Forum for Science, Industry and Business

Sponsored by:     3M 
Search our Site:

 

Virus product could kill anthrax and beat antibiotic resistance

07.09.2004


Researchers from Rockefeller University, New York, have developed a new way of killing dangerous bacteria like the ones which cause anthrax and pneumonia, using products from a virus, according to new research presented today (Tuesday, 07 September 2004) at the Society for General Microbiology’s 155th Meeting at Trinity College Dublin.



The new bug-smashing technique uses the bacteria’s own natural enemies, tiny viruses called bacteriophages (or phages), which can infect bacterial cells. The phages make thousands of copies of themselves inside infected bacteria, but then need to dissolve the bacteria’s cell wall to get out and infect other bacterial cells.

“We realised that bacteria have no effective natural defences against these phages once they have been infected,” says Professor Vincent Fischetti of Rockefeller University. “After infection, the phages make an enzyme to dissolve the bacterial cell walls for release and we found that we could use the same enzyme to attack and kill the disease bacteria responsible for pneumonia, anthrax or strep throat.”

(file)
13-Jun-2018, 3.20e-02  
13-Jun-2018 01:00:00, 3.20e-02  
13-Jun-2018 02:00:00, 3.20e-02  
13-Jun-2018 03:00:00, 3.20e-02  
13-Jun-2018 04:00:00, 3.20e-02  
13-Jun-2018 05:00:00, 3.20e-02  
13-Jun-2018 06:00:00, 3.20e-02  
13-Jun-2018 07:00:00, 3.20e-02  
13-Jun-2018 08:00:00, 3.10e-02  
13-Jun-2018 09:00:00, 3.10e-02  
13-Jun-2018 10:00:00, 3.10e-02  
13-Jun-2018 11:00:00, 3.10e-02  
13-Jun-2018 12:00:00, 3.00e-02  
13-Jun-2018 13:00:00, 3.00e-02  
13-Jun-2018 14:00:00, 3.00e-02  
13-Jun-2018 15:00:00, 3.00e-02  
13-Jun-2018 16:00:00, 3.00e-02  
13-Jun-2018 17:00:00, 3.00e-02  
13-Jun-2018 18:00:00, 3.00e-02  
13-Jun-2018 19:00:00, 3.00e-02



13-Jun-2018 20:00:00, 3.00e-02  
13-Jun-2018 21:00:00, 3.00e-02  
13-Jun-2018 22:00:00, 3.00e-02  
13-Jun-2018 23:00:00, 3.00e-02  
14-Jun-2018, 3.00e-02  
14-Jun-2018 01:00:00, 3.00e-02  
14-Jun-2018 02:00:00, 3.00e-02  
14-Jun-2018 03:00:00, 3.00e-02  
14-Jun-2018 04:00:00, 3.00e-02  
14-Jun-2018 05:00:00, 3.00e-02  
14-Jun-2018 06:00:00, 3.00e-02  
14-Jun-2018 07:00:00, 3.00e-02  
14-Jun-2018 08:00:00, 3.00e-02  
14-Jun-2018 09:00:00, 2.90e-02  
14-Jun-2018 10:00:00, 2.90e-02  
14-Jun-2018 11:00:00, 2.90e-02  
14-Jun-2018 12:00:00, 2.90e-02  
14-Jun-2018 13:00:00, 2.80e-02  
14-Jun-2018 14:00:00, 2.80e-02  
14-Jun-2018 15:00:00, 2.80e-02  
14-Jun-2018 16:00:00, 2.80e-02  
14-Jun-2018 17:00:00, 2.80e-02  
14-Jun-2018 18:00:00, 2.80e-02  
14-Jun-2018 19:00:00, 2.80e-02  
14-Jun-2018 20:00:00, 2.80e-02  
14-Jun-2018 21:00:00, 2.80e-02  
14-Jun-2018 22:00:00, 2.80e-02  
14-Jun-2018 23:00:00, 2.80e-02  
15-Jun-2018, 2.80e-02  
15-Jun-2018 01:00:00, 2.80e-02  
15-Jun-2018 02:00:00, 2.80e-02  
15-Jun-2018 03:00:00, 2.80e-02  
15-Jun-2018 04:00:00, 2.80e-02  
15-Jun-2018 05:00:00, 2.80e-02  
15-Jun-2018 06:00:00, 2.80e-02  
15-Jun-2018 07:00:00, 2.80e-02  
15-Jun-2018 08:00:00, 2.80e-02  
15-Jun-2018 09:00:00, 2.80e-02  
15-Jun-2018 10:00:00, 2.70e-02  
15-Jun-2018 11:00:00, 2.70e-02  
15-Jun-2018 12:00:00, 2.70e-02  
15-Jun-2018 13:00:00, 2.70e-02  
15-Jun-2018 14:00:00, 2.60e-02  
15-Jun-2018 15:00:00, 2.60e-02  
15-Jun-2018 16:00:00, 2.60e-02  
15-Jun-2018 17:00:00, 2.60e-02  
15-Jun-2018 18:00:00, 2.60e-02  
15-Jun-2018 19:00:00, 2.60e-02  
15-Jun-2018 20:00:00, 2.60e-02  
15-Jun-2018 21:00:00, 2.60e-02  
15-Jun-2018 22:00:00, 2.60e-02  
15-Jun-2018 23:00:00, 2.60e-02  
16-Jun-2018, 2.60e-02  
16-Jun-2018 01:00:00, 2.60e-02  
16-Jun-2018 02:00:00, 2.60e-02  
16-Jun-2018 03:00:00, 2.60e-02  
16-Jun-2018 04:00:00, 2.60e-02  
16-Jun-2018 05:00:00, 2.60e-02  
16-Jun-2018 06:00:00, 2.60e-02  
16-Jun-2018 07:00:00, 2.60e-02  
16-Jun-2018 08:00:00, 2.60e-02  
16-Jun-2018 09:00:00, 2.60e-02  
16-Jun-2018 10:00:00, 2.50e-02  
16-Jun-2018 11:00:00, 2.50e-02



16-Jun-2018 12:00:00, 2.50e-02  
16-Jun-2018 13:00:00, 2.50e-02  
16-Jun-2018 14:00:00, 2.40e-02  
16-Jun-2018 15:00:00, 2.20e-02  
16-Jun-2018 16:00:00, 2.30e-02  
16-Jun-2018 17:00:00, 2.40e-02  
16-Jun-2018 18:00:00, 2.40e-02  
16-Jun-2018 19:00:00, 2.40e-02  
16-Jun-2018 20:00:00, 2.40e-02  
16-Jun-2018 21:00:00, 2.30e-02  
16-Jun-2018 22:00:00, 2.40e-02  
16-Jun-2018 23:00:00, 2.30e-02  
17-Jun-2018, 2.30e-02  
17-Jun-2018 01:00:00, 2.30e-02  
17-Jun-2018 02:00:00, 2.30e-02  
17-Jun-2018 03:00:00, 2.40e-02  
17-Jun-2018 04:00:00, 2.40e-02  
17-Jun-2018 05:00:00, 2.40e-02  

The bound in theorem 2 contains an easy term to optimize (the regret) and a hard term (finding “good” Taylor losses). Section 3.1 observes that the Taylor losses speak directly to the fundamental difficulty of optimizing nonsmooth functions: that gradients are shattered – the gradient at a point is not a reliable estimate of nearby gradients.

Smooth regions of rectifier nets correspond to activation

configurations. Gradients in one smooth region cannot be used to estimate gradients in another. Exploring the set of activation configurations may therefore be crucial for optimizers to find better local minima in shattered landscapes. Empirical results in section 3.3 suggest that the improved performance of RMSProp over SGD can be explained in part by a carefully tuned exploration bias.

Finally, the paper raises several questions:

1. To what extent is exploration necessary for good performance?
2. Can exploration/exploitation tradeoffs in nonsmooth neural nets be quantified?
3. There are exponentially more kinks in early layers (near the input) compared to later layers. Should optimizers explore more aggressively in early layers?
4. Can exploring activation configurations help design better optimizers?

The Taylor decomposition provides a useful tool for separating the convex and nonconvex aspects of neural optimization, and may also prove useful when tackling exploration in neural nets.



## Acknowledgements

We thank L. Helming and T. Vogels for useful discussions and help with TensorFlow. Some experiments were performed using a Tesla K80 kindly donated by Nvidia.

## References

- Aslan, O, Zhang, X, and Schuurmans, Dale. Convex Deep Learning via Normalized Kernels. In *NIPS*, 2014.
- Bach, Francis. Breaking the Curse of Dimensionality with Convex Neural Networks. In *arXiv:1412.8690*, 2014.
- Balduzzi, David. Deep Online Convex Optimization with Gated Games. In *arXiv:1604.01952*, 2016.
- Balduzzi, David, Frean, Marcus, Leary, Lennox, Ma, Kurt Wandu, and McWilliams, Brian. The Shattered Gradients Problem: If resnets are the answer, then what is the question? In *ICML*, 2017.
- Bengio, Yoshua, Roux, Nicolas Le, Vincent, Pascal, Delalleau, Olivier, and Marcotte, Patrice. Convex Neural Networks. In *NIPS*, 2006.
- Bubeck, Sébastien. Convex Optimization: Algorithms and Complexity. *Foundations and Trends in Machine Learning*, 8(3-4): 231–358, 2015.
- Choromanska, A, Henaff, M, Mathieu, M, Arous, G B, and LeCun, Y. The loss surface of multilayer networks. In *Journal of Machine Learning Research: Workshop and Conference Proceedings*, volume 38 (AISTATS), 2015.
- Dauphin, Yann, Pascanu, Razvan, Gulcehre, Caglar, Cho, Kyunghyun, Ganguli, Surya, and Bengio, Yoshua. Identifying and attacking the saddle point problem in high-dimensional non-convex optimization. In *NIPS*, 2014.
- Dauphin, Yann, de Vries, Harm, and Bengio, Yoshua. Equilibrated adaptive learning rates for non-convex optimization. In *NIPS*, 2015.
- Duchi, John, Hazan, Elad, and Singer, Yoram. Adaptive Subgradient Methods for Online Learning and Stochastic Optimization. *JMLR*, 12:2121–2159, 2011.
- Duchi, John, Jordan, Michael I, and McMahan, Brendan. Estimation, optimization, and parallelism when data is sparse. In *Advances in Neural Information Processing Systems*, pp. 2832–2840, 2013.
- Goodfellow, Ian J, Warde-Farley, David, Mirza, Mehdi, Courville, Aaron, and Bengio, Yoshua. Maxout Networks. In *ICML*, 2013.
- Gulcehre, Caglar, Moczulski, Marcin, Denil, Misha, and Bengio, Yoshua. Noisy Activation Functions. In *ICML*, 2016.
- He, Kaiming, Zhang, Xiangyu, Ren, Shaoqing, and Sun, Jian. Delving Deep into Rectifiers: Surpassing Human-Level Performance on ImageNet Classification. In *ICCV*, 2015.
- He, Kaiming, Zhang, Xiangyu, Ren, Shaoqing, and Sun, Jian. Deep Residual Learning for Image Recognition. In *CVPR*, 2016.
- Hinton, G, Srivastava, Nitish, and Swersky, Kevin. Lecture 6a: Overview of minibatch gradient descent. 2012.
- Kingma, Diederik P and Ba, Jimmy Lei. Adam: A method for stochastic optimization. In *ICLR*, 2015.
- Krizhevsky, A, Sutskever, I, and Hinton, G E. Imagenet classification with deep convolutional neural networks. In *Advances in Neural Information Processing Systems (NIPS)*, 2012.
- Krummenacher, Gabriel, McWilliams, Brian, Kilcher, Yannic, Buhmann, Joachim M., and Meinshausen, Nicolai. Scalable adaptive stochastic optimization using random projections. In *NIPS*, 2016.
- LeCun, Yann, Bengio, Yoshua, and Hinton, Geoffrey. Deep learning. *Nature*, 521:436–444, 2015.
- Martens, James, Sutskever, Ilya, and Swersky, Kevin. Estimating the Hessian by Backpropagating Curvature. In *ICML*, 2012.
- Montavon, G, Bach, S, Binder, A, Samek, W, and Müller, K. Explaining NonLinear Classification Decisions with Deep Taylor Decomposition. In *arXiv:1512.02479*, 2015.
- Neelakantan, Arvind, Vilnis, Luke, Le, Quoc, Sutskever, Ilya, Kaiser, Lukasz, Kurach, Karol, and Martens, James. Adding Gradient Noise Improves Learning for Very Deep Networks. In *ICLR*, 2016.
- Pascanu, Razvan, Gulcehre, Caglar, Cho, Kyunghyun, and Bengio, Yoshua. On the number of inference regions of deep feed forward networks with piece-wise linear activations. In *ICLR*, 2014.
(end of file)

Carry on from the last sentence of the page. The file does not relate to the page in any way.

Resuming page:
The enzymes work on contact, killing the disease bacteria instantly, but without harming other friendly types of bacteria. This offers huge advantages over conventional antibiotics, which indiscriminately kill most bacteria, including our useful ones, and which can lead to disease resistance building up if used too frequently.

“About half of us normally carry disease bacteria in our nose or throat, but without symptoms, which form the only reservoir for these organisms in the environment, allowing them to travel from person to person until they are able to cause infection in the right individual,” says Prof Fischetti. “Removing these bacteria from people in hospitals, day care centres and nursing homes could have a major impact on disease outbreaks amongst vulnerable people in these settings.”